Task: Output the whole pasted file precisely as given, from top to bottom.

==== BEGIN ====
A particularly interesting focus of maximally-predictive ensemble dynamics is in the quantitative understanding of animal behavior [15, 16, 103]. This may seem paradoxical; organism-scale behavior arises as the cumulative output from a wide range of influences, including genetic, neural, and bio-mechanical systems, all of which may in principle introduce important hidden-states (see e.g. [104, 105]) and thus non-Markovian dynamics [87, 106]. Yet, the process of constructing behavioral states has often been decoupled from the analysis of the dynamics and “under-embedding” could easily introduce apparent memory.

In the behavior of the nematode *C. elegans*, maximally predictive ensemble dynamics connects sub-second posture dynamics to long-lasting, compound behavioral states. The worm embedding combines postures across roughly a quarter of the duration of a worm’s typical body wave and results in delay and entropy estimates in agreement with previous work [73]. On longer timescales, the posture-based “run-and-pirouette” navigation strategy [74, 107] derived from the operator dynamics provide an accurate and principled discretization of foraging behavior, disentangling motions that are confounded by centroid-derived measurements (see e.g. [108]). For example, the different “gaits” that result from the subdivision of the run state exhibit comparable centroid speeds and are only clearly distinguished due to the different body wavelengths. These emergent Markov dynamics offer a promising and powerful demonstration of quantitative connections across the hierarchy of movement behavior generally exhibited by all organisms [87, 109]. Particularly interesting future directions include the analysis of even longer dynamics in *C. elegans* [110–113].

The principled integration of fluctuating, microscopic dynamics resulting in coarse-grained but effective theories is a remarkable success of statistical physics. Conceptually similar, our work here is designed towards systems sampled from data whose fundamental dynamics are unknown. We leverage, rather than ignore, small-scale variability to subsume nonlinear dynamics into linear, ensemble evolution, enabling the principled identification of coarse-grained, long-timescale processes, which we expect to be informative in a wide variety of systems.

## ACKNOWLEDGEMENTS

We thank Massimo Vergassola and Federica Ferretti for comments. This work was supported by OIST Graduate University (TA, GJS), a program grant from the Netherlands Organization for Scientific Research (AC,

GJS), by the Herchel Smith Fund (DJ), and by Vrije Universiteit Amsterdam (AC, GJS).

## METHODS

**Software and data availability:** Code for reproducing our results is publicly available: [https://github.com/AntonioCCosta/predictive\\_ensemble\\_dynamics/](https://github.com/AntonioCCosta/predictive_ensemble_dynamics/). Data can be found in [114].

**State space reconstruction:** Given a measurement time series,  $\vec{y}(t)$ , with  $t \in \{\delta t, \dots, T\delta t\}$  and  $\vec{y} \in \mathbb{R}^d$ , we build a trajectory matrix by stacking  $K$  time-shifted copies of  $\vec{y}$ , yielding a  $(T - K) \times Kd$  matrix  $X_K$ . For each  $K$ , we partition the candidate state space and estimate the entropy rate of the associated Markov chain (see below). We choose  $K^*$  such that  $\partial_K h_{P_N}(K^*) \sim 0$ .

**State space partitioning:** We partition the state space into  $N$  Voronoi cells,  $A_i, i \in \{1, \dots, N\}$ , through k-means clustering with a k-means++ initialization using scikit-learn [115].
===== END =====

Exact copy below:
A particularly interesting focus of maximally-predictive ensemble dynamics is in the quantitative understanding of animal behavior [15, 16, 103]. This may seem paradoxical; organism-scale behavior arises as the cumulative output from a wide range of influences, including genetic, neural, and bio-mechanical systems, all of which may in principle introduce important hidden-states (see e.g. [104, 105]) and thus non-Markovian dynamics [87, 106]. Yet, the process of constructing behavioral states has often been decoupled from the analysis of the dynamics and “under-embedding” could easily introduce apparent memory.

In the behavior of the nematode *C. elegans*, maximally predictive ensemble dynamics connects sub-second posture dynamics to long-lasting, compound behavioral states. The worm embedding combines postures across roughly a quarter of the duration of a worm’s typical body wave and results in delay and entropy estimates in agreement with previous work [73]. On longer timescales, the posture-based “run-and-pirouette” navigation strategy [74, 107] derived from the operator dynamics provide an accurate and principled discretization of foraging behavior, disentangling motions that are confounded by centroid-derived measurements (see e.g. [108]). For example, the different “gaits” that result from the subdivision of the run state exhibit comparable centroid speeds and are only clearly distinguished due to the different body wavelengths. These emergent Markov dynamics offer a promising and powerful demonstration of quantitative connections across the hierarchy of movement behavior generally exhibited by all organisms [87, 109]. Particularly interesting future directions include the analysis of even longer dynamics in *C. elegans* [110–113].

The principled integration of fluctuating, microscopic dynamics resulting in coarse-grained but effective theories is a remarkable success of statistical physics. Conceptually similar, our work here is designed towards systems sampled from data whose fundamental dynamics are unknown. We leverage, rather than ignore, small-scale variability to subsume nonlinear dynamics into linear, ensemble evolution, enabling the principled identification of coarse-grained, long-timescale processes, which we expect to be informative in a wide variety of systems.

## ACKNOWLEDGEMENTS

We thank Massimo Vergassola and Federica Ferretti for comments. This work was supported by OIST Graduate University (TA, GJS), a program grant from the Netherlands Organization for Scientific Research (AC,

GJS), by the Herchel Smith Fund (DJ), and by Vrije Universiteit Amsterdam (AC, GJS).

## METHODS

**Software and data availability:** Code for reproducing our results is publicly available: [https://github.com/AntonioCCosta/predictive\\_ensemble\\_dynamics/](https://github.com/AntonioCCosta/predictive_ensemble_dynamics/). Data can be found in [114].

**State space reconstruction:** Given a measurement time series,  $\vec{y}(t)$ , with  $t \in \{\delta t, \dots, T\delta t\}$  and  $\vec{y} \in \mathbb{R}^d$ , we build a trajectory matrix by stacking  $K$  time-shifted copies of  $\vec{y}$ , yielding a  $(T - K) \times Kd$  matrix  $X_K$ . For each  $K$ , we partition the candidate state space and estimate the entropy rate of the associated Markov chain (see below). We choose  $K^*$  such that  $\partial_K h_{P_N}(K^*) \sim 0$ .

**State space partitioning:** We partition the state space into  $N$  Voronoi cells,  $A_i, i \in \{1, \dots, N\}$ , through k-means clustering with a k-means++ initialization using scikit-learn [115].